When she was asked during the hearing about what this “association with HIV” meant to her, she testified that while unfortunate, there is “so much stigma around it. . . It’s not like I was in an ad for cancer treatment” where sympathy would be elicited. “There’s a lot of negativity around it,” she testified, “and there’s a lot of associations that people jump to incorrectly about your lifestyle. People think you’re easy, or you’re promiscuous. There’s a lot of just questions around your sexual behavior and your sexual activity. It makes people really think about something so personal to you. It also brings up drug use and just all of these things that I did not want to be associated with and was very embarrassed to be associated with. This goes much deeper, and it really calls into question you as a person and your lifestyle.”

Wrote Judge Scuccimarra, “On cross-examination, claimant confirmed that she did not lose her job nor did she miss any time from work when the advertisement came out. She did not lose any friends. No one other than the acquaintance who first told her about the ad, her Pilates teacher and the outside producer [from an ad shoot] ever informed her that they recognized her as the person depicted in the ad. Indeed, when claimant conducted an online search that day she was unable to see a copy of the advertisement.”

The judge reviewed testimony by several witnesses about the psychological impact of the ad on Nolan, leading to the conclusion that she had been tense and nervous in the period following the publication, but the effects dissipated with time and eventually returned to normal.

As the Appellate Division had ruled back in January, for the purposes of defamation liability falsely labelling somebody as HIV positive fell into the “loathsome disease” category, in spite of changing public attitudes about HIV/AIDS, in which some injury is presumed and the plaintiff is entitled to damages without any requirement to show financial harm. However, the amount to award is up to the discretion of the court, taking into account all the circumstances, and courts will engage in comparisons with the amounts awarded in other cases, comparing the factual situations on some rough scale of fair compensation. Judge Scuccimarra wrote, “the court credits Ms. Nolan’s assessment of a culture of competition at her job, and in the public relations field generally, that left her particularly vulnerable as a young woman to the extreme anxiety and distress she suffered upon publication of the defamatory material. The court also credits the increased anxiety she experienced when imagining how many people could potentially see the ad and make judgments about her that she feared. By all accounts, Ms. Nolan was sensitive, but had learned to hide her feelings somewhat in her two years in the competitive world of New York fashion public relations. This event credibly triggered a setback for her in her confidence and outward demeanor, but she appears to have come out of the experience. She did not lose friends or beaux, and ultimately moved on from her job and succeeded in a new venture.”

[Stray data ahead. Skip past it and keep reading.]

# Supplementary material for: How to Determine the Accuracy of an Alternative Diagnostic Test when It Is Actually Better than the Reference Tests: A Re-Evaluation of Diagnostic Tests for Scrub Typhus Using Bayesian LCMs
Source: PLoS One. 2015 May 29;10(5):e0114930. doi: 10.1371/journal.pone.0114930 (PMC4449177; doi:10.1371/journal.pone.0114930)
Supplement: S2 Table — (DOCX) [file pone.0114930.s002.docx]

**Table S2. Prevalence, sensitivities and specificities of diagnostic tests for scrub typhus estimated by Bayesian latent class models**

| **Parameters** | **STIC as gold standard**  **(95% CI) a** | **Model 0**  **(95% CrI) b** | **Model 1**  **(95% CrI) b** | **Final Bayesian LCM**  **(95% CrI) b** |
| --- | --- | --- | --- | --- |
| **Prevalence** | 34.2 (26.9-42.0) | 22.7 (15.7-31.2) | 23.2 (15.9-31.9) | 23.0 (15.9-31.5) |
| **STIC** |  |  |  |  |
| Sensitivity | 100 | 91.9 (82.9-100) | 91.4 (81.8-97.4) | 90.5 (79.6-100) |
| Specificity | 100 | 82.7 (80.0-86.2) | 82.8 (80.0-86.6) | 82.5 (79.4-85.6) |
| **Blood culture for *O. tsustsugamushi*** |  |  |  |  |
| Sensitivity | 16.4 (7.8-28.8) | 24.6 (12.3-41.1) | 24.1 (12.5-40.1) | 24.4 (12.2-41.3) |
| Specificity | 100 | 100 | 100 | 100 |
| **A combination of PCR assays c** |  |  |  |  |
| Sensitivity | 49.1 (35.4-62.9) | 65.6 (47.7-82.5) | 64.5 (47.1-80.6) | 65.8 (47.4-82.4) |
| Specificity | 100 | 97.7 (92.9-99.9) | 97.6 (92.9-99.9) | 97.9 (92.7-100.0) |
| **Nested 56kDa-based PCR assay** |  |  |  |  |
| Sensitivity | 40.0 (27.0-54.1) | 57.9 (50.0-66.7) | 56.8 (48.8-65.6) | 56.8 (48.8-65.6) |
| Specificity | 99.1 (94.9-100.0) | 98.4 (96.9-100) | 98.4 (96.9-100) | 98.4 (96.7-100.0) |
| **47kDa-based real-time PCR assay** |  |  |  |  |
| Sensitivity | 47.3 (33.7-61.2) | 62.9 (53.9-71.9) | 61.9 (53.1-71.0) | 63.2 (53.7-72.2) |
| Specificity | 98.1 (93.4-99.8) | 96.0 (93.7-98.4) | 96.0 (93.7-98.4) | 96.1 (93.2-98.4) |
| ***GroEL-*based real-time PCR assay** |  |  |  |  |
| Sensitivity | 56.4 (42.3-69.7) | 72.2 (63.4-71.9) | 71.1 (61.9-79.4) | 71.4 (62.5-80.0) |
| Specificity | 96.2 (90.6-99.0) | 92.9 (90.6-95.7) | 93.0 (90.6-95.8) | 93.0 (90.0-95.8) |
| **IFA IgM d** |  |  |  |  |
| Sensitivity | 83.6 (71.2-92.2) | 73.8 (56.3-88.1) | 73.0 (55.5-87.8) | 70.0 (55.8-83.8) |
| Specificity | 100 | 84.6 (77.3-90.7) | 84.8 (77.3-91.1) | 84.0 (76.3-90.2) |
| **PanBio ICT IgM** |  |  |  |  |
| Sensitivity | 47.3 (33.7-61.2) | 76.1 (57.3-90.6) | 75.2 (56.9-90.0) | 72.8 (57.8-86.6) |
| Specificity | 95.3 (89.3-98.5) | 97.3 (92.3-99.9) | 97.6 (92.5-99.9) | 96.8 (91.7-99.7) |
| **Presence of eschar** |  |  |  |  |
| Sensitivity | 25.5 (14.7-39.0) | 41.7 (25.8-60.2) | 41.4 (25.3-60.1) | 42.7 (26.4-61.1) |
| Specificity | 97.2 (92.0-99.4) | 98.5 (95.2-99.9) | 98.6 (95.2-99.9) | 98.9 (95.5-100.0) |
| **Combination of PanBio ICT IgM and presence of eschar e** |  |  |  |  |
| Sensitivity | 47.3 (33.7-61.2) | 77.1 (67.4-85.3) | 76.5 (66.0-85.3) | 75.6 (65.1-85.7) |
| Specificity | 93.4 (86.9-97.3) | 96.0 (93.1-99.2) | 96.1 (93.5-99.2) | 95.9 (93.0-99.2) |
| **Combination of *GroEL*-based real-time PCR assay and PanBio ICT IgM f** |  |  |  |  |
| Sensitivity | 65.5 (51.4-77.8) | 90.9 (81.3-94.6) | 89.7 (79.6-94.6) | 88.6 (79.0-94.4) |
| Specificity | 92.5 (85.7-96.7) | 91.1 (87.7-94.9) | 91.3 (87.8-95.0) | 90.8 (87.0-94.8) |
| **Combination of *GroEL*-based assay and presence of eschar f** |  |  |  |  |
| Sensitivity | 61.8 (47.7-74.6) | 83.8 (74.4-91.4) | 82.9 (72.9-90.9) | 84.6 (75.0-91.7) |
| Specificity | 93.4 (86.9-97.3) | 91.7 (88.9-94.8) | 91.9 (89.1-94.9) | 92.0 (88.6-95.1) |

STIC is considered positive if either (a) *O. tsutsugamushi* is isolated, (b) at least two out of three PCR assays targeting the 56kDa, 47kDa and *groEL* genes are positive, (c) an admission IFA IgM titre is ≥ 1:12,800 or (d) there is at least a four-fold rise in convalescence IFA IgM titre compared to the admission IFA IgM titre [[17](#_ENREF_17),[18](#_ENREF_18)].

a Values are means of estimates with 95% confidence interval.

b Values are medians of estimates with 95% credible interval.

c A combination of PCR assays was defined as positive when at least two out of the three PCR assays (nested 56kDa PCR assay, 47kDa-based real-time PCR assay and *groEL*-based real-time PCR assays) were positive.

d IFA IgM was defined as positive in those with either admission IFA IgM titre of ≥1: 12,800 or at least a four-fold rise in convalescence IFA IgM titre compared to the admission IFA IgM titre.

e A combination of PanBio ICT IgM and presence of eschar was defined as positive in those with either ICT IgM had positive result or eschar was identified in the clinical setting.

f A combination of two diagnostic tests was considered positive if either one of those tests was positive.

The judge decided that based on the “humiliation, mental suffering, anxiety and loss of confidence suffered by this young woman at the beginning of her career, and at the beginning of her growing independence, the vast extent to which the defamatory material was circulated – albeit for the laudatory purpose of getting public service information out to as many people as possible – and all the circumstances herein,” a reasonable compensation would be $125,000, with appropriate interest from the date of the determination of liability on June 18, 2015, which was the date when Judge Scuccamarra had first ruled in her favor prior to the state’s appeal, as well as a refund to her of the fees for filing her lawsuit in the Court of Claims.

Nolan was represented by attorney Erin E. Lloyd of the firm Lloyd Patel LLP. Assistant Attorney General Cheryl M. Rameau of the Attorney General’s Office represented the State of New York.

State Court Affirms Model’s Right to Sue for Unauthorized Use of Her Photo in an AIDS Public Service Advertisement

Posted on: March 25th, 2014 by Art Leonard No Comments

New York Supreme Court Justice Anil C. Singh rejected a motion by an “image distributor” to dismiss a model’s lawsuit seeking compensatory and punitive damages for the unauthorized publication of her picture in a public service advertisement placed in print media by the New York State Division of Human Rights to inform people living with HIV about legal protection from discrimination. The March 6 ruling was published in The New York Law Journal on March 24.

The defendant, Getty Images (US) Inc., “is in the business of licensing stock photographs on the Internet,” according to Justice Singh’s opinion, summarizing the allegations in Avril Nolan’s complaint. Getty acquired Nolan’s image from a photographer named Jena Cumbo. Cumbo had not obtained a written release from Nolan authorizing the use or sale of her picture, but nonetheless sold it to Getty, which then licensed it to the New York State Division of Human Rights, which used it to illustrate an advertisement placed in newspapers with the caption: “I am positive (+) and I have rights” and “People who are HIV positive are protected by the New York State Human Rights Law. Do you know your rights? Contact the NYS Division of Human Rights.”